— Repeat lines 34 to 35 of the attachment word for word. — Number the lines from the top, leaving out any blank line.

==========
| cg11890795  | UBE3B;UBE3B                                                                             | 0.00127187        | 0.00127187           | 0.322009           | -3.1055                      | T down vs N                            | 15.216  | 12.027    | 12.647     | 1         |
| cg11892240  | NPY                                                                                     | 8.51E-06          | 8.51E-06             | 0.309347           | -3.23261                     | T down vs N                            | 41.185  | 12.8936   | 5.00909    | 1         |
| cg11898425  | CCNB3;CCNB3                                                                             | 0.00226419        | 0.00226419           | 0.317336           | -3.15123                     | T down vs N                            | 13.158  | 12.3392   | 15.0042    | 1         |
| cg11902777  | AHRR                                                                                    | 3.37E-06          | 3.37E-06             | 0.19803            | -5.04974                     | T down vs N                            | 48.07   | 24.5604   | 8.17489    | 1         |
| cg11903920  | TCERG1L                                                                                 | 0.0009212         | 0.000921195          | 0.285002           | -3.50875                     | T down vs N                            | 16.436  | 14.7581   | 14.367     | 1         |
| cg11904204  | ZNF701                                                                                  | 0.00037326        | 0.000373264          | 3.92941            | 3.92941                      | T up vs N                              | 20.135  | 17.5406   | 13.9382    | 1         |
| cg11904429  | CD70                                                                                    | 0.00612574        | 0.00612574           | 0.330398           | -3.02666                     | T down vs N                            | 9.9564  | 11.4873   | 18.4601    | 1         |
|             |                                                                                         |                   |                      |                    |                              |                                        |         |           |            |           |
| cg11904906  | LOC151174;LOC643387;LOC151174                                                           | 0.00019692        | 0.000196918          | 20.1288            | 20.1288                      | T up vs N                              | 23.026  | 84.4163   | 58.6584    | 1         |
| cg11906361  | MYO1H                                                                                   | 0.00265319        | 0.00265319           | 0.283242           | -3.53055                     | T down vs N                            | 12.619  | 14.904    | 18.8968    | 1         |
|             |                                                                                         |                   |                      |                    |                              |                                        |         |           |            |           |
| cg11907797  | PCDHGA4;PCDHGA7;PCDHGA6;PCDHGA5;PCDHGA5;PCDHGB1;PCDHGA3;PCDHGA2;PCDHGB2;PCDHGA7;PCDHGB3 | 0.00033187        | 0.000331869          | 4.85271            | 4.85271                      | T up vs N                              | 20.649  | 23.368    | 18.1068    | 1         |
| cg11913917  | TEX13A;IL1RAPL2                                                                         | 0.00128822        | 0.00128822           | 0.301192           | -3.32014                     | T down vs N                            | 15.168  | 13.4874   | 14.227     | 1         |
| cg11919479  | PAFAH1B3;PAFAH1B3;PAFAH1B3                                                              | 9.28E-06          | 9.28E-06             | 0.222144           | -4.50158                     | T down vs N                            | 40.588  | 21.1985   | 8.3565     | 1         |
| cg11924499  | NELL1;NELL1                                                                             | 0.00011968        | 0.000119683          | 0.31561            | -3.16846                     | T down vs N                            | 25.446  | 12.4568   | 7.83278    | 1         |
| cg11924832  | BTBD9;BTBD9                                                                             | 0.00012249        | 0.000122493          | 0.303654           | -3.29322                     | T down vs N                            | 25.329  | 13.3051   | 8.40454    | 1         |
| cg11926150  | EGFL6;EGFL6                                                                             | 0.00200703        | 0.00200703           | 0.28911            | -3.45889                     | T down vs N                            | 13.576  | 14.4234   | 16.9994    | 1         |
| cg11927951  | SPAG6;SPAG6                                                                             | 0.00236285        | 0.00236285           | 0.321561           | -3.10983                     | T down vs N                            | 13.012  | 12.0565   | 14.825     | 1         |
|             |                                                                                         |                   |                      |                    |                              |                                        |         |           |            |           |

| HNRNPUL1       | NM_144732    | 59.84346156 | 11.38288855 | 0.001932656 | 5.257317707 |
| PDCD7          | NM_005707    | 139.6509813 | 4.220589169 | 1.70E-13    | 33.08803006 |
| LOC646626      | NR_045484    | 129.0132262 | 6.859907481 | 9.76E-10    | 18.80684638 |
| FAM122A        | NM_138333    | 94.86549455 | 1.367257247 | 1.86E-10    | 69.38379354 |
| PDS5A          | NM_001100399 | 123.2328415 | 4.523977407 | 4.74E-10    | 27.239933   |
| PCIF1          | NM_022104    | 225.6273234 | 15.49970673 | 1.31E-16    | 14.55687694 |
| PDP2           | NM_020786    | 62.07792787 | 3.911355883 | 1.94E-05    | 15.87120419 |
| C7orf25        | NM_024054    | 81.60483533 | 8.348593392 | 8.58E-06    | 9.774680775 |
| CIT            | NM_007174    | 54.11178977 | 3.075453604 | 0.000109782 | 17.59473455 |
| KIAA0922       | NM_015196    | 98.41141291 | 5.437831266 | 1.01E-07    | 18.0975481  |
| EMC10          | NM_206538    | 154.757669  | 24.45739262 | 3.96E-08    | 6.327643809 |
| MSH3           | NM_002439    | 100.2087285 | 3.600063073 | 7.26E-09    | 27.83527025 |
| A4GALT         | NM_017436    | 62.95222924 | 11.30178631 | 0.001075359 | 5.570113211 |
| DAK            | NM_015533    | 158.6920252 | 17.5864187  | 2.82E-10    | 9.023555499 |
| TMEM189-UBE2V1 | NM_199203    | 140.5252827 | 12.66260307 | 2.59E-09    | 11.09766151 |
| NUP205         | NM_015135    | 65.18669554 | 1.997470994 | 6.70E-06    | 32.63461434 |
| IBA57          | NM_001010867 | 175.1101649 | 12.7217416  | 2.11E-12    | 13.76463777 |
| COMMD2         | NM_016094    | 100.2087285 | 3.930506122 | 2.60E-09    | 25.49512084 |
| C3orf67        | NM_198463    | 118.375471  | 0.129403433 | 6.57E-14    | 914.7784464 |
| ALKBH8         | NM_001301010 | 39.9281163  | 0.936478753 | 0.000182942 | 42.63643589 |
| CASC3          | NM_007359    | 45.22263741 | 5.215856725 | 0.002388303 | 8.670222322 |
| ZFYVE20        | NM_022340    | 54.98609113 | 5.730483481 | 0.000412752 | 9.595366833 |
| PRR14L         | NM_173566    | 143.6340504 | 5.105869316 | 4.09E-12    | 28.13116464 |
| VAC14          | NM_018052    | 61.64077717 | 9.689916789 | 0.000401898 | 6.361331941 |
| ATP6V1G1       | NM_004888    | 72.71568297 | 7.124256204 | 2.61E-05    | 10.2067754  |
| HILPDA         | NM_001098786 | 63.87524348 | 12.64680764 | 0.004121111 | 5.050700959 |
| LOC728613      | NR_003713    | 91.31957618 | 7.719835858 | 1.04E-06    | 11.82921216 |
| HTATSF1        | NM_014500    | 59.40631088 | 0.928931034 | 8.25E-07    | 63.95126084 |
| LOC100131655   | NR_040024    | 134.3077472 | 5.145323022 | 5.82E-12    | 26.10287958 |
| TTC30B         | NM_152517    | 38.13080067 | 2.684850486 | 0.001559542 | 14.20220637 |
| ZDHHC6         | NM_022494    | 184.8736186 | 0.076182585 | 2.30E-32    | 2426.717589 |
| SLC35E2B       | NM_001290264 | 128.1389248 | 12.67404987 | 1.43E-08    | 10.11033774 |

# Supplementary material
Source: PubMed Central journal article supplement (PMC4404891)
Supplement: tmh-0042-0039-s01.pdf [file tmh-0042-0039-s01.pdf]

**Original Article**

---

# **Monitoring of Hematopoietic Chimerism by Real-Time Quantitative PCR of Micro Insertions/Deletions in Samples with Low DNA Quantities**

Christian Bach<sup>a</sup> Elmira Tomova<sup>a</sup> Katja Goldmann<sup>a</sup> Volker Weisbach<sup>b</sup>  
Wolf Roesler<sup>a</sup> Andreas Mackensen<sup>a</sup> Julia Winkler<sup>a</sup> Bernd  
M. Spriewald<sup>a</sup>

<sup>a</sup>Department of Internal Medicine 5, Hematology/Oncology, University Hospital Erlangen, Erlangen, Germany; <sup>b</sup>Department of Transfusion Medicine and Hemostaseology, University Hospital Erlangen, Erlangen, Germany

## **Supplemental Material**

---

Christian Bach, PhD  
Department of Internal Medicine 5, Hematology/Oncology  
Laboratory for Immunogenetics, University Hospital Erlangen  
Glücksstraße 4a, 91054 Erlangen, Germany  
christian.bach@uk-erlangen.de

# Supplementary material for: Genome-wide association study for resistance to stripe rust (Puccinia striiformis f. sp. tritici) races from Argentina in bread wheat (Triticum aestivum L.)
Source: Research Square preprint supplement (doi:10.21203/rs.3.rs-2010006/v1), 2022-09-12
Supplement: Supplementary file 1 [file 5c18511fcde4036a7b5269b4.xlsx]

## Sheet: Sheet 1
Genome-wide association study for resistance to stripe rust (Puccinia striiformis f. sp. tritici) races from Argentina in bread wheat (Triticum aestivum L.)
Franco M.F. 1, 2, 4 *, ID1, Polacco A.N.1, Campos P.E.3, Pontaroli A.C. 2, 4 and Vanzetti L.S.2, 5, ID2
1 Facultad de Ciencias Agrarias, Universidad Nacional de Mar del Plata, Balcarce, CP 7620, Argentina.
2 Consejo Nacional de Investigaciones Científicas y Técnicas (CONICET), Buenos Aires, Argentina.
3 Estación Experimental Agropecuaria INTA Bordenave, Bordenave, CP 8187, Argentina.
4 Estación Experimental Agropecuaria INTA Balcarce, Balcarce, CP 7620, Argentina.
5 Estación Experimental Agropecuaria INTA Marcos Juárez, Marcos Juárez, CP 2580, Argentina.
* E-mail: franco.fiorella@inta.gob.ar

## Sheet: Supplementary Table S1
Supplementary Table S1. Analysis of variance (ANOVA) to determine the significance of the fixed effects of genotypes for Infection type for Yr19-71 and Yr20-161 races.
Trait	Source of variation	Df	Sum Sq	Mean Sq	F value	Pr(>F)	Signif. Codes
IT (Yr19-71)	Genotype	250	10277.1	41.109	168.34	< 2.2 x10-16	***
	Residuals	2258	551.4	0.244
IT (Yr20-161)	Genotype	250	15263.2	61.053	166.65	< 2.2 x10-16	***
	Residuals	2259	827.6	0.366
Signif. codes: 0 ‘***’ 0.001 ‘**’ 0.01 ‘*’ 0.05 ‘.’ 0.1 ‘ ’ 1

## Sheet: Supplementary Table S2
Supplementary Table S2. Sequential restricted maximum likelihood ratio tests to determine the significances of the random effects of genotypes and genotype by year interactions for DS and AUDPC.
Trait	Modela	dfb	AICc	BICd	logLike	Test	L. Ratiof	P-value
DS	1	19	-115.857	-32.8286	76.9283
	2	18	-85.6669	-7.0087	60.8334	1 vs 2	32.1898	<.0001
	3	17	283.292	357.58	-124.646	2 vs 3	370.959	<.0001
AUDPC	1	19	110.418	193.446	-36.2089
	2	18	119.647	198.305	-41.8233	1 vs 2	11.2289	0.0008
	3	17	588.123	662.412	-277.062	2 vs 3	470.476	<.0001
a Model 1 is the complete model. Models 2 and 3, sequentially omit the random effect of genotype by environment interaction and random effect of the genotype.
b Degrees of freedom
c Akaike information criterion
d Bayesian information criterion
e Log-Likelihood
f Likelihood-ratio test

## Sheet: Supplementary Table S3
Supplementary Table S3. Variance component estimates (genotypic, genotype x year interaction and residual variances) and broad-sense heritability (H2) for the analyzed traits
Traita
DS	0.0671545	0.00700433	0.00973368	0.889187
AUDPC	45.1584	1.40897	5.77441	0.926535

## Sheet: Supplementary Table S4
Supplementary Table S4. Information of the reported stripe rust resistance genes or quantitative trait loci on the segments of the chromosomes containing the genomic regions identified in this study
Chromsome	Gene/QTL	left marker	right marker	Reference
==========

| TMEM189-UBE2V1 | NM_199203    | 140.5252827 | 12.66260307 | 2.59E-09    | 11.09766151 |
| NUP205         | NM_015135    | 65.18669554 | 1.997470994 | 6.70E-06    | 32.63461434 |